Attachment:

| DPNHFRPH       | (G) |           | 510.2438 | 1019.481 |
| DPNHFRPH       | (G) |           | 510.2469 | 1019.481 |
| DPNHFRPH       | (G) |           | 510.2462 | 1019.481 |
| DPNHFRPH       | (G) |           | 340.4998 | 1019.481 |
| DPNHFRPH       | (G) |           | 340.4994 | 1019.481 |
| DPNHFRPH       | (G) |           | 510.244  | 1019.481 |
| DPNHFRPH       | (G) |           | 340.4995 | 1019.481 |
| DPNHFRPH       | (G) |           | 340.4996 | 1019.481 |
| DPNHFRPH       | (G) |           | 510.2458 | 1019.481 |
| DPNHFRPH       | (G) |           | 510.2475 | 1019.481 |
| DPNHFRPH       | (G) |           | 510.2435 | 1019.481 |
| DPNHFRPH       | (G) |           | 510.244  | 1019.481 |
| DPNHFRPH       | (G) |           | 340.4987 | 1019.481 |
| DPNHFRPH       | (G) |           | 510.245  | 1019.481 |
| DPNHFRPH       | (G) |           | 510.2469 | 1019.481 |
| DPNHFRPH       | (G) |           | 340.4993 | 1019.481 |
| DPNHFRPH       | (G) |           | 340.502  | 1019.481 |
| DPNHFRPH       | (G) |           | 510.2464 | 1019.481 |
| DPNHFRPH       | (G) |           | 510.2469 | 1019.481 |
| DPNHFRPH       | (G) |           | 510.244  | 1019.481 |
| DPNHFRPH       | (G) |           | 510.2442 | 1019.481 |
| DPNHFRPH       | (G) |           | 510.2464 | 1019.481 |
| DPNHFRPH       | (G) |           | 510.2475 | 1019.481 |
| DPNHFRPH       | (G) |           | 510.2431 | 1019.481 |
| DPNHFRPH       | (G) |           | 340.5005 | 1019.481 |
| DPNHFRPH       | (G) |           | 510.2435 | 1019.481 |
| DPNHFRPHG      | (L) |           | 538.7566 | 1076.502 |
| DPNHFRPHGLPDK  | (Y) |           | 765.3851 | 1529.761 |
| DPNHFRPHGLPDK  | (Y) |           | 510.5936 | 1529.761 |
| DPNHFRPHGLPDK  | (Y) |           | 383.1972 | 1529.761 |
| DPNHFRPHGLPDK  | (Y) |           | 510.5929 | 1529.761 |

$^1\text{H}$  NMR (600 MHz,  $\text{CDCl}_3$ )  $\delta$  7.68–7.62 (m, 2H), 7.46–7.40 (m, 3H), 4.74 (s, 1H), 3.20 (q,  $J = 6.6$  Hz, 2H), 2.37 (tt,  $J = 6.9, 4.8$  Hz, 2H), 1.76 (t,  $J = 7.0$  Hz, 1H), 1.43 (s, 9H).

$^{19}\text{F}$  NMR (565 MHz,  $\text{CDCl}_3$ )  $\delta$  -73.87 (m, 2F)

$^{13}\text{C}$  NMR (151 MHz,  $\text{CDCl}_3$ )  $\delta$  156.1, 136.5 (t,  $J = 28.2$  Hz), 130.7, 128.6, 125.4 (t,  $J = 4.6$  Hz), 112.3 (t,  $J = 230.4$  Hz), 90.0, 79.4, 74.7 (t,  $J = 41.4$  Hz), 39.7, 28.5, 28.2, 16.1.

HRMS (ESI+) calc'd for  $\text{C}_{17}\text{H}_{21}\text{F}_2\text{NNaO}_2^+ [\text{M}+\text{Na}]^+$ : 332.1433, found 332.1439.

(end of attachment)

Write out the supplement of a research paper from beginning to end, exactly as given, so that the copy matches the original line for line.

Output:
| DPNHFRPH       | (G) |           | 510.2438 | 1019.481 |
| DPNHFRPH       | (G) |           | 510.2469 | 1019.481 |
| DPNHFRPH       | (G) |           | 510.2462 | 1019.481 |
| DPNHFRPH       | (G) |           | 340.4998 | 1019.481 |
| DPNHFRPH       | (G) |           | 340.4994 | 1019.481 |
| DPNHFRPH       | (G) |           | 510.244  | 1019.481 |
| DPNHFRPH       | (G) |           | 340.4995 | 1019.481 |
| DPNHFRPH       | (G) |           | 340.4996 | 1019.481 |
| DPNHFRPH       | (G) |           | 510.2458 | 1019.481 |
| DPNHFRPH       | (G) |           | 510.2475 | 1019.481 |
| DPNHFRPH       | (G) |           | 510.2435 | 1019.481 |
| DPNHFRPH       | (G) |           | 510.244  | 1019.481 |
| DPNHFRPH       | (G) |           | 340.4987 | 1019.481 |
| DPNHFRPH       | (G) |           | 510.245  | 1019.481 |
| DPNHFRPH       | (G) |           | 510.2469 | 1019.481 |
| DPNHFRPH       | (G) |           | 340.4993 | 1019.481 |
| DPNHFRPH       | (G) |           | 340.502  | 1019.481 |
| DPNHFRPH       | (G) |           | 510.2464 | 1019.481 |
| DPNHFRPH       | (G) |           | 510.2469 | 1019.481 |
| DPNHFRPH       | (G) |           | 510.244  | 1019.481 |
| DPNHFRPH       | (G) |           | 510.2442 | 1019.481 |
| DPNHFRPH       | (G) |           | 510.2464 | 1019.481 |
| DPNHFRPH       | (G) |           | 510.2475 | 1019.481 |
| DPNHFRPH       | (G) |           | 510.2431 | 1019.481 |
| DPNHFRPH       | (G) |           | 340.5005 | 1019.481 |
| DPNHFRPH       | (G) |           | 510.2435 | 1019.481 |
| DPNHFRPHG      | (L) |           | 538.7566 | 1076.502 |
| DPNHFRPHGLPDK  | (Y) |           | 765.3851 | 1529.761 |
| DPNHFRPHGLPDK  | (Y) |           | 510.5936 | 1529.761 |
| DPNHFRPHGLPDK  | (Y) |           | 383.1972 | 1529.761 |
| DPNHFRPHGLPDK  | (Y) |           | 510.5929 | 1529.761 |

$^1\text{H}$  NMR (600 MHz,  $\text{CDCl}_3$ )  $\delta$  7.68–7.62 (m, 2H), 7.46–7.40 (m, 3H), 4.74 (s, 1H), 3.20 (q,  $J = 6.6$  Hz, 2H), 2.37 (tt,  $J = 6.9, 4.8$  Hz, 2H), 1.76 (t,  $J = 7.0$  Hz, 1H), 1.43 (s, 9H).

$^{19}\text{F}$  NMR (565 MHz,  $\text{CDCl}_3$ )  $\delta$  -73.87 (m, 2F)

$^{13}\text{C}$  NMR (151 MHz,  $\text{CDCl}_3$ )  $\delta$  156.1, 136.5 (t,  $J = 28.2$  Hz), 130.7, 128.6, 125.4 (t,  $J = 4.6$  Hz), 112.3 (t,  $J = 230.4$  Hz), 90.0, 79.4, 74.7 (t,  $J = 41.4$  Hz), 39.7, 28.5, 28.2, 16.1.

HRMS (ESI+) calc'd for  $\text{C}_{17}\text{H}_{21}\text{F}_2\text{NNaO}_2^+ [\text{M}+\text{Na}]^+$ : 332.1433, found 332.1439.